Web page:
Ab. Wills, D 1. And a slander spoken in a foreign language, if understood by those present, or a libel published in
such language, will be punished as if spoken or written in the English language. Bac. Ab. Slander, D 3; 1 Roll.
Ab. 74; 6 T. R. 163. For the construction of language, see articles Construction; Interpretation; and Jacob’s Intr. to
the Com. Law Max. 46.
5. Among diplomatists, the French language is the one commonly used. At an early period the Latin was the
diplomatic language in use in Europe. Towards the end of the fifteenth century that of Spain gained the
ascendancy, in consequence of the great influence which that country then exercised in Europe. The French, since
the age of Louis XIV. has become the almost universal diplomatic idiom of the civilized world, though some
states use their national language in treaties and diplomatic correspondence. It is usual in these cases to annex to
the papers transmitted, a translation in the language of the opposite party; wherever it is understood this comity
will be reciprocated. This is the usage of the Germanic confederation, of Spain, and of the Italian courts. When
nations using a common language, as the United States and Great Britain, treat with each other, such language is
used in their diplomatic intercourse.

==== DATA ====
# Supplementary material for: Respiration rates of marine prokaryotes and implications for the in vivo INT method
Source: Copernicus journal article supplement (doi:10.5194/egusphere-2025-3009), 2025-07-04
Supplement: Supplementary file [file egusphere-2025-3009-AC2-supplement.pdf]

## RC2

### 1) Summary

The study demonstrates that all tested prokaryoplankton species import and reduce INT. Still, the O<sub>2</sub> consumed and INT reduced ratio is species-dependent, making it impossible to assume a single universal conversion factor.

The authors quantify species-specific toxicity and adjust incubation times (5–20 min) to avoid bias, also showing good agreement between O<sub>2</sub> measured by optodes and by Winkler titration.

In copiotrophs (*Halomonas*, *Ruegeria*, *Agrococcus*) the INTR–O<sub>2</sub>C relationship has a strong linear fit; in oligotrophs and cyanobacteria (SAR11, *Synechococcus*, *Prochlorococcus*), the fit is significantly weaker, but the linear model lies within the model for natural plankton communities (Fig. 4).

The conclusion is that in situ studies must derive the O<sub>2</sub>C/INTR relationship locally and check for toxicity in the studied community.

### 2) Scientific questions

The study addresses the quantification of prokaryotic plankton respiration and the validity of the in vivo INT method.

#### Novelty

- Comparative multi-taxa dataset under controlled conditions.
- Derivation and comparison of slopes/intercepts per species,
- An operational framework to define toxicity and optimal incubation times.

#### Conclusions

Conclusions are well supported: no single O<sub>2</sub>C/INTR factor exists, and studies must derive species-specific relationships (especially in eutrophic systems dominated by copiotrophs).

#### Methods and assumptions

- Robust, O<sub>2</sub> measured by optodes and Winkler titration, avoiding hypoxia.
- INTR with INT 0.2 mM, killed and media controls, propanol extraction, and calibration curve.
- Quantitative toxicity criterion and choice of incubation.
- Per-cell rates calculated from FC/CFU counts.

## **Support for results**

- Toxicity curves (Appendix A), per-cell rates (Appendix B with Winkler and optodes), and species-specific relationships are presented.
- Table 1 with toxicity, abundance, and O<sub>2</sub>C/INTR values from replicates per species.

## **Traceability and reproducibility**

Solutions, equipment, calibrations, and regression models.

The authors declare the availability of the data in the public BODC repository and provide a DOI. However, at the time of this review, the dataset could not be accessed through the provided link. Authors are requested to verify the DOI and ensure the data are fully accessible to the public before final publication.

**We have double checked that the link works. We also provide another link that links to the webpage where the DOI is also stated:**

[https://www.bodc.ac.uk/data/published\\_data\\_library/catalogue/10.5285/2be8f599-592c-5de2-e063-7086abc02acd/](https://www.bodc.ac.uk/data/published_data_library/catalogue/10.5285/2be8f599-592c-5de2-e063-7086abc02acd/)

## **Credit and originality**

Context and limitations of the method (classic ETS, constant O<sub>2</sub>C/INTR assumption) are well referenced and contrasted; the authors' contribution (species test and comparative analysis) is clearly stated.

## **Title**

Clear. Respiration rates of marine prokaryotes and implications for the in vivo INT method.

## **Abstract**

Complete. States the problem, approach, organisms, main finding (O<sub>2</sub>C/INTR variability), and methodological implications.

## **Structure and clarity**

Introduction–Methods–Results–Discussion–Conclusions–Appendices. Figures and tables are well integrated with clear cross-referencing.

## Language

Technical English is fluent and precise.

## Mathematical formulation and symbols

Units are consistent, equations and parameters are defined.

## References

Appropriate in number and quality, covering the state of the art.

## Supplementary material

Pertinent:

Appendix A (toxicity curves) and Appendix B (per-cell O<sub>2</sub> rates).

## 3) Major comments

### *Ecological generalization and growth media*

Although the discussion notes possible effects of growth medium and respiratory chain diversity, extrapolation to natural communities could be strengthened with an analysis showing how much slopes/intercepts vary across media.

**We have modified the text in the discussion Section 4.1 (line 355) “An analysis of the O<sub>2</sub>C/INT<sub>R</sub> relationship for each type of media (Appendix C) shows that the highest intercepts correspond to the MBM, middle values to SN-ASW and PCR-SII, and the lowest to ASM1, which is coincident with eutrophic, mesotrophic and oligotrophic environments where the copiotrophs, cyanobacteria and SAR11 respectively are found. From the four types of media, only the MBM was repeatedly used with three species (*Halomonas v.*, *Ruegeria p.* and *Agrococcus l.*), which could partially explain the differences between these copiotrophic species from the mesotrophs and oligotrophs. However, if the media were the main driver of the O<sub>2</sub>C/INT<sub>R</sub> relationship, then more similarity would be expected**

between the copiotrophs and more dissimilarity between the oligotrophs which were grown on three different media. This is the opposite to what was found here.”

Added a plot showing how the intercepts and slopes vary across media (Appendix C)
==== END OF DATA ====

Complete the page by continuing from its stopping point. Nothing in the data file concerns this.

Vide, generally, 3 Bl. Com. 323; 1 Chit., Cr. Law, *415; 2 Rey, Institutions Judiciaires de l’Angleterre, 211, 212.
LANGUIDUS, practice. The name of a return made by the sheriff, when a defendant whom he has taken by
virtue of process is so dangerously sick that to remove him would endanger his life or health. In that case the
officer may and ought unquestionably to abstain from removing him, and may permit him to remain even in his
own house, in the custody of a follower, though not named in the warrant, he keeping the key of the house in his
possession the officer ought to remove him as soon is sufficiently recovered. If there be a doubt as to the state of
health of the defendant, the officer should require the attendance and advice of some respectable medical man,
and require him, at the peril of the consequences of misrepresentation, to certify in writing whether it be fit to
remove the party, or take him to prison within the county. 3 Chit. Pr. 358. For a form of the return of languidus,
see 3 Chit. P. 249; T. Chit. Forms, 53.
LAPSE, eccl. law. The transfer, by forfeiture, of a right or power to present or collate to a vacant benefice, from,
a person vested with such right, to another, in consequence of some act of negligence of the former. Ayl. Parerg.